1 Introduction and Background
Natural Language Processing (NLP) is a field driven by empirical evaluations. Authors are under pressure to demonstrate that their models or methods achieve state-of-the-art performance on a particular task or dataset, which by definition requires reliable model comparison. As models become more numerous, require larger computational resources to train, and the performance of competing models gets closer, the task of reliable model selection has not only become more important, but also increasingly difficult. Without full disclosure of model settings and data splits, it is impossible to accurately compare methods and models.
To be able to perform meaningful model comparisons, we need to be able to reliably evaluate models. Unfortunately, evaluating a model is a non-trivial task and the best we can do is to produce noisy estimates of model performance with the following two distinct sources of stochasticity:
We only have access to a finite training dataset, however, evaluating a model on its training data leads to severe over-estimates of performance. To evaluate models without over-fitting, practitioners typically randomly partitioning data into independent training and testing sets, producing estimates that are random quantities with often high variability for NLP problems Moss et al. (2018). Although methods like bootstrapping Efron and Tibshirani (1994) and leave-one-out cross validation Kohavi (1995) can provide deterministic estimates of performance, they require the fitting of a large number of models and so are not computationally feasible for the complex models and large data prevalent in NLP. Standard NLP model evaluation strategies range from using a simple (and computationally cheap) single train-test split, to the more sophisticated -fold cross validation, CV Kohavi (1995).
The vast majority of recent NLP models are non-deterministic and so their performance has another source of stochasticity, controlled by the choice of random seed during training. Common sources of model instability in modern NLP include weight initialisation, data sub-sampling for stochastic gradient calculation, negative sampling used to train word embeddings Mikolov et al. (2013) and feature sub-sampling for ensemble methods. In particular, the often state-of-the-art LSTMs (and its many variants) have been shown to exhibit high sensitivity to random seeds Reimers and Gurevych (2017).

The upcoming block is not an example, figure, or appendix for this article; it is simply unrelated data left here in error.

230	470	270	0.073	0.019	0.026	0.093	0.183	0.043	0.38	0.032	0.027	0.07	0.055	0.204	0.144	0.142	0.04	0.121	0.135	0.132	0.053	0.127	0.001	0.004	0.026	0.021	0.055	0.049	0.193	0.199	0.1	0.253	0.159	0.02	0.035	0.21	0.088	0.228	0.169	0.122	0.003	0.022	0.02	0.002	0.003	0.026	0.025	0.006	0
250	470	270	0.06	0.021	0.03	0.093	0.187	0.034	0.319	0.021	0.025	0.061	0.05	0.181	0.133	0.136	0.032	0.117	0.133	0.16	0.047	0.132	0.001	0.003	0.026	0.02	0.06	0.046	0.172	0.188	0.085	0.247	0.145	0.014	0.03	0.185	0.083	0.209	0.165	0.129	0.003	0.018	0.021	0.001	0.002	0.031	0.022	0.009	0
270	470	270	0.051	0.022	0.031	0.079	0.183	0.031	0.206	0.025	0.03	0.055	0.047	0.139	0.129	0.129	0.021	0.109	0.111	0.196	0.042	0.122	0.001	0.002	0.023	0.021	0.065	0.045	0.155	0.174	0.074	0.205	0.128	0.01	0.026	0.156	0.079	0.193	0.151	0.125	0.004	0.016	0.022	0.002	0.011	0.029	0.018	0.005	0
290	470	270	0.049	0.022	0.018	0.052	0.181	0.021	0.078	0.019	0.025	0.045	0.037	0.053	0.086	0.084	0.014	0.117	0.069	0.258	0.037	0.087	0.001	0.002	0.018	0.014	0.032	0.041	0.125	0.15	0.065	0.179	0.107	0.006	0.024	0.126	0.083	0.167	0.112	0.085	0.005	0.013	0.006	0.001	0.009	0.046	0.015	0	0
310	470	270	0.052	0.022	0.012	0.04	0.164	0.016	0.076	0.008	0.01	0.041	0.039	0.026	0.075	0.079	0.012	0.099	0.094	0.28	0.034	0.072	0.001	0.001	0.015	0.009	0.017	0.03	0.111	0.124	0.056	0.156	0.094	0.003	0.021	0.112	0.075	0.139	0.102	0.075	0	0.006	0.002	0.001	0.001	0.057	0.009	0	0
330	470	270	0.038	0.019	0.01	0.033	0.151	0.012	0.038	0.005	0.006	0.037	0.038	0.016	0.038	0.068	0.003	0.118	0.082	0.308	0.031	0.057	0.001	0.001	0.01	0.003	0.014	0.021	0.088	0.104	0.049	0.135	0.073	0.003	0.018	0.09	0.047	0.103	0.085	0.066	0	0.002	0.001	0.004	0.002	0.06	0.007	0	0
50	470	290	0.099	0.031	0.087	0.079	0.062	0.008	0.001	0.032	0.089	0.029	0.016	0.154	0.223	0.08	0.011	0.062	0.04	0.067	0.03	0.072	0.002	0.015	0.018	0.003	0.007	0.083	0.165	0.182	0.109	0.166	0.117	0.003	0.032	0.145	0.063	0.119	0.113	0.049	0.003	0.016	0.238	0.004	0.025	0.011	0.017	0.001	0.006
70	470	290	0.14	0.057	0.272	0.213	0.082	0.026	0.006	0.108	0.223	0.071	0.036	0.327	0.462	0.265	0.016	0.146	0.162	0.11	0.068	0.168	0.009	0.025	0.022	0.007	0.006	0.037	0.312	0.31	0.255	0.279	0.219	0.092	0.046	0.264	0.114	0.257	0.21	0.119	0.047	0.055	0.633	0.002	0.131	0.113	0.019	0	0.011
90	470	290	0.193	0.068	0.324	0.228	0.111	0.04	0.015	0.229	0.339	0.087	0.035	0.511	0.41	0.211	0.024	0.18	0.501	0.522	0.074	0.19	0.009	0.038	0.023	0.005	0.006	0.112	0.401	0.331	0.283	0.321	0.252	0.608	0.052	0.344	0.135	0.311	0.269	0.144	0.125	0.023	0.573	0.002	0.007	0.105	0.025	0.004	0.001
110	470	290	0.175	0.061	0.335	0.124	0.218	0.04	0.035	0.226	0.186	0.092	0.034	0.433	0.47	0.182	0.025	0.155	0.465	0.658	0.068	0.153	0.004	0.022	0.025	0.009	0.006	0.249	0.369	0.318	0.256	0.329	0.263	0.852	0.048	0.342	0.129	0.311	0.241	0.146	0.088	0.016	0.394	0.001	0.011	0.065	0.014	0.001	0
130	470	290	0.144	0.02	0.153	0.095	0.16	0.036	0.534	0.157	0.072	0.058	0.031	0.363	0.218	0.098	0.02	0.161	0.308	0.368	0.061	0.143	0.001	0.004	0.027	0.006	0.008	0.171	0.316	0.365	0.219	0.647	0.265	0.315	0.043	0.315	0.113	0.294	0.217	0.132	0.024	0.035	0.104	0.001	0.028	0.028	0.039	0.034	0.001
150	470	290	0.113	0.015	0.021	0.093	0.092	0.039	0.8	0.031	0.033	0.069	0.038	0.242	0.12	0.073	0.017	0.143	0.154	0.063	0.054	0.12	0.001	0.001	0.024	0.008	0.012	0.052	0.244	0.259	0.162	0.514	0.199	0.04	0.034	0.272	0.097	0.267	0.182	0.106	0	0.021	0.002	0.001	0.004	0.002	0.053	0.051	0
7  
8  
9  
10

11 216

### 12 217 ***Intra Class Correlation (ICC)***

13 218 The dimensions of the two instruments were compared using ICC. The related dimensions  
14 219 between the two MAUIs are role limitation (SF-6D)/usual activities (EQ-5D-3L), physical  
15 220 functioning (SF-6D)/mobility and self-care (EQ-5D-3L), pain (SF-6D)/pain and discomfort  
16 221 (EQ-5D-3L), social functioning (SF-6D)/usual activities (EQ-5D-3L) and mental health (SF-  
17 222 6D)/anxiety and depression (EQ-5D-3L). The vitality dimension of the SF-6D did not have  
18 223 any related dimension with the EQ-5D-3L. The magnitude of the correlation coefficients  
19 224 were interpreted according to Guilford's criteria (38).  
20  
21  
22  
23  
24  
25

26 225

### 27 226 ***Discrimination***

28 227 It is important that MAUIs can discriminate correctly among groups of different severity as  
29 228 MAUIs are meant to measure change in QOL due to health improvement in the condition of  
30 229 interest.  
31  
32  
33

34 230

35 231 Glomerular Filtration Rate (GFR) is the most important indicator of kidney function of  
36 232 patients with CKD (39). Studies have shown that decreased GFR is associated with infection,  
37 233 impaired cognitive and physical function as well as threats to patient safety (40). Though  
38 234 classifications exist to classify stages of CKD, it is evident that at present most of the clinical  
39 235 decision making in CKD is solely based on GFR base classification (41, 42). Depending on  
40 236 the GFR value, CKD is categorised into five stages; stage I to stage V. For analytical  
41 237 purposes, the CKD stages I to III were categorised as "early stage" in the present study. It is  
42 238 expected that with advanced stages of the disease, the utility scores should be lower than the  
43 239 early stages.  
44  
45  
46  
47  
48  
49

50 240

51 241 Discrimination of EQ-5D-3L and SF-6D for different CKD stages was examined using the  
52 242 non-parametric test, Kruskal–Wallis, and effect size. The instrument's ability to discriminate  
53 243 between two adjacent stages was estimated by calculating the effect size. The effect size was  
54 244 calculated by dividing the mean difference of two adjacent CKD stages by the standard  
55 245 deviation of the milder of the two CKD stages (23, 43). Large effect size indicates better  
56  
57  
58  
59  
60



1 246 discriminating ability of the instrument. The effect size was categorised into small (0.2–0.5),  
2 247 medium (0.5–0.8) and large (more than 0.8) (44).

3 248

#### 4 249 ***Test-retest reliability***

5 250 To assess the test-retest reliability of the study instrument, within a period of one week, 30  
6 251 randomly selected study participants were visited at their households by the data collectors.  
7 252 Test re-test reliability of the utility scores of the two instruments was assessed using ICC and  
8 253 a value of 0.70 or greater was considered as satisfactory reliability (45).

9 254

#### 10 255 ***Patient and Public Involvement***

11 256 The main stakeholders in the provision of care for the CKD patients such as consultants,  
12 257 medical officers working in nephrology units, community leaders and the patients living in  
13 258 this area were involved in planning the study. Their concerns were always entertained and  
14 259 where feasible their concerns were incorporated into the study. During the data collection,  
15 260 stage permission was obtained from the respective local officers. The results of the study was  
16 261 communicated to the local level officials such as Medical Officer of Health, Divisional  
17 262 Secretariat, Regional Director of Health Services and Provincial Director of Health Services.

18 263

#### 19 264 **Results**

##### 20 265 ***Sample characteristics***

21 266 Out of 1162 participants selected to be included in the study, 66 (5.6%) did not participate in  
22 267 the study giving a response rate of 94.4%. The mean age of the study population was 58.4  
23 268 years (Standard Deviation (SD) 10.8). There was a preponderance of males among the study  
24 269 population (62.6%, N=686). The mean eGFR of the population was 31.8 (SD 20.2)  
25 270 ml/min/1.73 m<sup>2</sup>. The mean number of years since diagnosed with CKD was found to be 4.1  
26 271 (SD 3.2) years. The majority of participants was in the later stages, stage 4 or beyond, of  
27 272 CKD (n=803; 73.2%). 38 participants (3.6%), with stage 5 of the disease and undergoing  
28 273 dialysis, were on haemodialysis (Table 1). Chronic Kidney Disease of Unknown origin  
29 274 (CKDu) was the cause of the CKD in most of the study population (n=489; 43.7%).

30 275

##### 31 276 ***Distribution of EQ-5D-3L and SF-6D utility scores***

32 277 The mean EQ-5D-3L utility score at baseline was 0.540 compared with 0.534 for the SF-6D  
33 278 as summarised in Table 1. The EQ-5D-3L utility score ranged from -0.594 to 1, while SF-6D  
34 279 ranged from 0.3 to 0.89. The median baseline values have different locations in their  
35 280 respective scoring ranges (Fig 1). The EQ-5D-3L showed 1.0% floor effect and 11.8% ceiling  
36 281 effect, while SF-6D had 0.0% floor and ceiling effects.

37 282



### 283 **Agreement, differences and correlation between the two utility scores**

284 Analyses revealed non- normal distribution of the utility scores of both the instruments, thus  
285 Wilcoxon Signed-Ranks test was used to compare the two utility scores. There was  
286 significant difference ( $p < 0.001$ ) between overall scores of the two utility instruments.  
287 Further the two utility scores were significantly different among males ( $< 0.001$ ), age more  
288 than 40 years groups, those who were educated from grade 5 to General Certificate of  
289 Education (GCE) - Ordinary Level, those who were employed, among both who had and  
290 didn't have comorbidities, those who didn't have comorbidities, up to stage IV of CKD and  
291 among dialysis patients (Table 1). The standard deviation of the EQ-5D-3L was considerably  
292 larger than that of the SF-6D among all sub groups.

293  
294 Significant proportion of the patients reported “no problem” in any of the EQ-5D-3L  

For reliable model selection, it is crucial to take into account both sources of variability when estimating model performance. Observing a higher score for one model could be a consequence of a particularly non-representative train-test split and/or random seed used to evaluate the model rather than a genuine model improvement. This subtlety is ignored by large scale NLP competitions such as SemEval with evaluations based on a pre-determined train-test split.
Although more precise model evaluations can be obtained with higher computation, calculating overly precise model evaluations is a huge waste of computational resource. On the other hand, our evaluations need to provide reliable conclusions (with only a small probability of selecting a sub-optimal model). It is poorly understood how to choose an appropriate evaluation strategy for a given model selection problem. These are task specific, depending on model stability, the closeness in performance of competing models and subtle properties of the data such as the representativeness of train-test splits.
In contrast to common practice, we consider model selection as a sequential process. Rather than using a fixed evaluation strategy for each model (which we refer to as a non-adaptive approach), we start with a cheap evaluation of each model on just a single train-test split, and then cleverly choose where to allocate further computational resources based on the observed evaluations. If we decide to further test a promising model, we calculate an additional evaluation based on another data split and seed, observing both sources of evaluation variability and allowing reliable assessments of performance.
To perform sequential model fitting, we borrow methods from the multi-armed-bandit (MAB) statistical literature Lai and Robbins (1985). This field covers problems motivated by designing optimal strategies for pulling the arms of a bandit (also known as a slot machine) in casinos. Each arm produces rewards from different random distributions which the user must learn by pulling arms. In particular, model selection is equivalent to the problem of best-arm-identification; identifying the arm with the highest mean. Although appearing simple at a first glance, this problem is deceptively complex and has provided motivation for efficient algorithms in a wide range of domains, including clinical trials Villar et al. (2015) and recommendation systems Li et al. (2010).